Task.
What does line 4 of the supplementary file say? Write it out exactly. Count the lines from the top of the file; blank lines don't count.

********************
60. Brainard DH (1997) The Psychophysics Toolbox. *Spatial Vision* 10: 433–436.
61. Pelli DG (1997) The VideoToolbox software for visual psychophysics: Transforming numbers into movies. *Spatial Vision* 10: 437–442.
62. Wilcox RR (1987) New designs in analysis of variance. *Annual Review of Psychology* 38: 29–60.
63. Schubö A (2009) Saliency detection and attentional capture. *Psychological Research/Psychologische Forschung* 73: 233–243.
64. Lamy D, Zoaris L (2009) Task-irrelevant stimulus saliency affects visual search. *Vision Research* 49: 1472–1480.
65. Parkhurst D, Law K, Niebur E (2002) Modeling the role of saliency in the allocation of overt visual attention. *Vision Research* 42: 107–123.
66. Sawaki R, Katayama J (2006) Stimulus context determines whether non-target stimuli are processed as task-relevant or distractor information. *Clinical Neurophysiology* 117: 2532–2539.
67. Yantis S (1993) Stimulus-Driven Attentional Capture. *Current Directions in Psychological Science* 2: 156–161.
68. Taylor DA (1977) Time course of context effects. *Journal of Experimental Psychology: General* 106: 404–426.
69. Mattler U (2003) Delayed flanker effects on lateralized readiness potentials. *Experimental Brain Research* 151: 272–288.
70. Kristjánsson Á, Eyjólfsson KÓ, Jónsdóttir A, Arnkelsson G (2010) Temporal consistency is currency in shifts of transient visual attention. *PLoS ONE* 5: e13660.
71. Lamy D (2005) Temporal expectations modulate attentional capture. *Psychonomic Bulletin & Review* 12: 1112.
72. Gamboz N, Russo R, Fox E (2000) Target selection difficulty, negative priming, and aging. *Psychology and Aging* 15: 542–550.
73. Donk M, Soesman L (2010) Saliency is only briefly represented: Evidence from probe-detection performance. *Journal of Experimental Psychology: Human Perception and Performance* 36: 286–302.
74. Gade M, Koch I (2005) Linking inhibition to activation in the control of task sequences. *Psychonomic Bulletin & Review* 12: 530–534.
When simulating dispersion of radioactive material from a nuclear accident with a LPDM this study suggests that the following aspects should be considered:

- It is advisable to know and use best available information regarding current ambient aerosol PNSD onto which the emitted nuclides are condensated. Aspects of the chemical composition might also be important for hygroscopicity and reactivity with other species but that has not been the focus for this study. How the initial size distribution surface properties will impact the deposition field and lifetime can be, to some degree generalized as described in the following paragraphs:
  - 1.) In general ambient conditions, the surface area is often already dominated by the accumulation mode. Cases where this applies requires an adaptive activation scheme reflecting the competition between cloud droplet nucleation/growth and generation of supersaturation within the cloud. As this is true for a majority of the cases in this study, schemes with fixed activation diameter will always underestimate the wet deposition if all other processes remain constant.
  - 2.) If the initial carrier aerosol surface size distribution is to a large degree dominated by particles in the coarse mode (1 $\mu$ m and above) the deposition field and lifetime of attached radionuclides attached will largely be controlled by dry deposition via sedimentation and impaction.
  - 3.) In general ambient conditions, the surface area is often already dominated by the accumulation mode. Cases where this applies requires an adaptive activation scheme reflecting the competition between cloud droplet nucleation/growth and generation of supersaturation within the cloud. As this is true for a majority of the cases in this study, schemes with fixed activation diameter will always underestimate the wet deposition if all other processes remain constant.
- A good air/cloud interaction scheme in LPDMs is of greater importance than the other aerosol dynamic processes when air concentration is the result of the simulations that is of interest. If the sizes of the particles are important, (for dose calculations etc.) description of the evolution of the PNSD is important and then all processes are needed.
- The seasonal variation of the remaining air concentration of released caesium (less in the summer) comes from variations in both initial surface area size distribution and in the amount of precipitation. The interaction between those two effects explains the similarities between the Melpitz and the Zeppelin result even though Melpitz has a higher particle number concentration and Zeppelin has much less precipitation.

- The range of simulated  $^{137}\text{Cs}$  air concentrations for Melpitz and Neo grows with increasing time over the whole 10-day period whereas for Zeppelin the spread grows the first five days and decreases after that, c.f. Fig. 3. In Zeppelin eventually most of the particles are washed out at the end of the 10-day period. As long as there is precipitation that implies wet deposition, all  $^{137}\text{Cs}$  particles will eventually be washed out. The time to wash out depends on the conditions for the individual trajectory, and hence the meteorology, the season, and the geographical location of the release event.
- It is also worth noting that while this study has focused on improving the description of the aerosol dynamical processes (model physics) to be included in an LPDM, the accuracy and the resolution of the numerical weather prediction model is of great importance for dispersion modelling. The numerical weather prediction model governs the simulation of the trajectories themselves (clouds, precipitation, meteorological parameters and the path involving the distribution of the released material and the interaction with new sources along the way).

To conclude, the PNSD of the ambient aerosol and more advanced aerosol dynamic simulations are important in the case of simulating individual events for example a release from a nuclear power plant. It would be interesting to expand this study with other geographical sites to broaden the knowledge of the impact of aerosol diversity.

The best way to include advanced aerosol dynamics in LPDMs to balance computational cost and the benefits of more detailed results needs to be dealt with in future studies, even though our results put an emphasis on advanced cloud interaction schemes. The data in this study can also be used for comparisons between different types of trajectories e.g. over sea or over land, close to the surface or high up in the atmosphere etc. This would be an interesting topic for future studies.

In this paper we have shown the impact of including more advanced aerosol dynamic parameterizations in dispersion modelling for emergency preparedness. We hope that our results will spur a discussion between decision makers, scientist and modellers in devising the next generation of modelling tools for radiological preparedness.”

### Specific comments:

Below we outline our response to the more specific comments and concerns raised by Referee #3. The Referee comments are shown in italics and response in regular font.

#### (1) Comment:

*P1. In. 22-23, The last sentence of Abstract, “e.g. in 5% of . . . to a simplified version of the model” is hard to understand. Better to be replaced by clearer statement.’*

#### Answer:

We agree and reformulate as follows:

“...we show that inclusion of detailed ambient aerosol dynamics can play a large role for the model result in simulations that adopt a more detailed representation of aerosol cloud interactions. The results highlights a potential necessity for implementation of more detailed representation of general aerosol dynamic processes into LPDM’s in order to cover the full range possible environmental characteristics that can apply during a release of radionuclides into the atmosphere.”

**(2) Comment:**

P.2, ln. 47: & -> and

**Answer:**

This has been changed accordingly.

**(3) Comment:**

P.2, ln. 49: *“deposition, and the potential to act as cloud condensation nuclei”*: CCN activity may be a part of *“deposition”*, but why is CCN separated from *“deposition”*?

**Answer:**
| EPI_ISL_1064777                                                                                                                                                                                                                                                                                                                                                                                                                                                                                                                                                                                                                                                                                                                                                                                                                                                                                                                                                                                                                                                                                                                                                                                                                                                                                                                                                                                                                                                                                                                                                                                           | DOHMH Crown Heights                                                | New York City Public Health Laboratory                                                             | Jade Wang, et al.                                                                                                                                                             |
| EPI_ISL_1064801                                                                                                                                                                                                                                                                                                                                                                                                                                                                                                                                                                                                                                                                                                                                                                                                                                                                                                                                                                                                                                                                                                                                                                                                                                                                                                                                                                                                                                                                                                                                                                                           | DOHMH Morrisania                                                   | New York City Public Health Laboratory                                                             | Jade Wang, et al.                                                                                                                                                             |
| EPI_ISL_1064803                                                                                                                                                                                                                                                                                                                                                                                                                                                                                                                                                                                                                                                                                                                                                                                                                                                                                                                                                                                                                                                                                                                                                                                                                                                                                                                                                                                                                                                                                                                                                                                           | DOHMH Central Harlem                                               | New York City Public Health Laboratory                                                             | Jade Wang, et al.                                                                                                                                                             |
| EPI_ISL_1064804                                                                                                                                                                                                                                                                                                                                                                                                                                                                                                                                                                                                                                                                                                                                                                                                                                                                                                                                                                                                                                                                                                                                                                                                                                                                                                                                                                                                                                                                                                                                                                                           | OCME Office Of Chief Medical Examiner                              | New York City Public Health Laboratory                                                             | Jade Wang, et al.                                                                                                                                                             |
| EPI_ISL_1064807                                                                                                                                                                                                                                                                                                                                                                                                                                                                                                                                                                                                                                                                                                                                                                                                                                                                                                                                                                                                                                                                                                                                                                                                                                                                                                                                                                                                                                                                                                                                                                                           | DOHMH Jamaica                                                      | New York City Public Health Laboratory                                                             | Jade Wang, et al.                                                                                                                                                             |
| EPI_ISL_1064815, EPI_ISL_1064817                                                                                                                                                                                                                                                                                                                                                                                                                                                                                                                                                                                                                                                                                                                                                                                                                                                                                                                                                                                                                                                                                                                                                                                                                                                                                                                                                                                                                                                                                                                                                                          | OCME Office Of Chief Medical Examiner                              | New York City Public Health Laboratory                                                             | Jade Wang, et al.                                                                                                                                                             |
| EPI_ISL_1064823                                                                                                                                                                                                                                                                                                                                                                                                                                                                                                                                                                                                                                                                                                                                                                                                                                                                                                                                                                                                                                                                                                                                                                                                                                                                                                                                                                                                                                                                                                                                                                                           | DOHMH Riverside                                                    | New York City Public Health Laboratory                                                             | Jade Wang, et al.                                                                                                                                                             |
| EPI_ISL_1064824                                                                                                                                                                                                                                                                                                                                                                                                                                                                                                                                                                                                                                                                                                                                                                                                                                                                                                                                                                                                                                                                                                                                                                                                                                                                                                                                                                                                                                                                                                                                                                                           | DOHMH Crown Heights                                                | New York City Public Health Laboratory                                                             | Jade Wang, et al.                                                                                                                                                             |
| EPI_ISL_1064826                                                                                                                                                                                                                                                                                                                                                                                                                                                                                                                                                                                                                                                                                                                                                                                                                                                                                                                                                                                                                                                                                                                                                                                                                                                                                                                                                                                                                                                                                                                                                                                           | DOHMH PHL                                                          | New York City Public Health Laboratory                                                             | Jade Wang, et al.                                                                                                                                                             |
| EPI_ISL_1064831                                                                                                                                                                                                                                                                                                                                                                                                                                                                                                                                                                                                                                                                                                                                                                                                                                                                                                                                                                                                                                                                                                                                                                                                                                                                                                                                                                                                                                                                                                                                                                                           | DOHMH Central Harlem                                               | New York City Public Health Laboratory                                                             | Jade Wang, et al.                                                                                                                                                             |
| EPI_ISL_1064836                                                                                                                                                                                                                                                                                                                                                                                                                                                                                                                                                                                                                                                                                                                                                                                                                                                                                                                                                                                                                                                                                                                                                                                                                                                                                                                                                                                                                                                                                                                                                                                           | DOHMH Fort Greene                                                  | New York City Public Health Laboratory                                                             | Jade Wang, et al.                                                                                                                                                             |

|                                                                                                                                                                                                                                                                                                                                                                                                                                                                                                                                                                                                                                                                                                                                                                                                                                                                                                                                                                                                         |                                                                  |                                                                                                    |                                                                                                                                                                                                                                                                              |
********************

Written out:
63. Schubö A (2009) Saliency detection and attentional capture. *Psychological Research/Psychologische Forschung* 73: 233–243.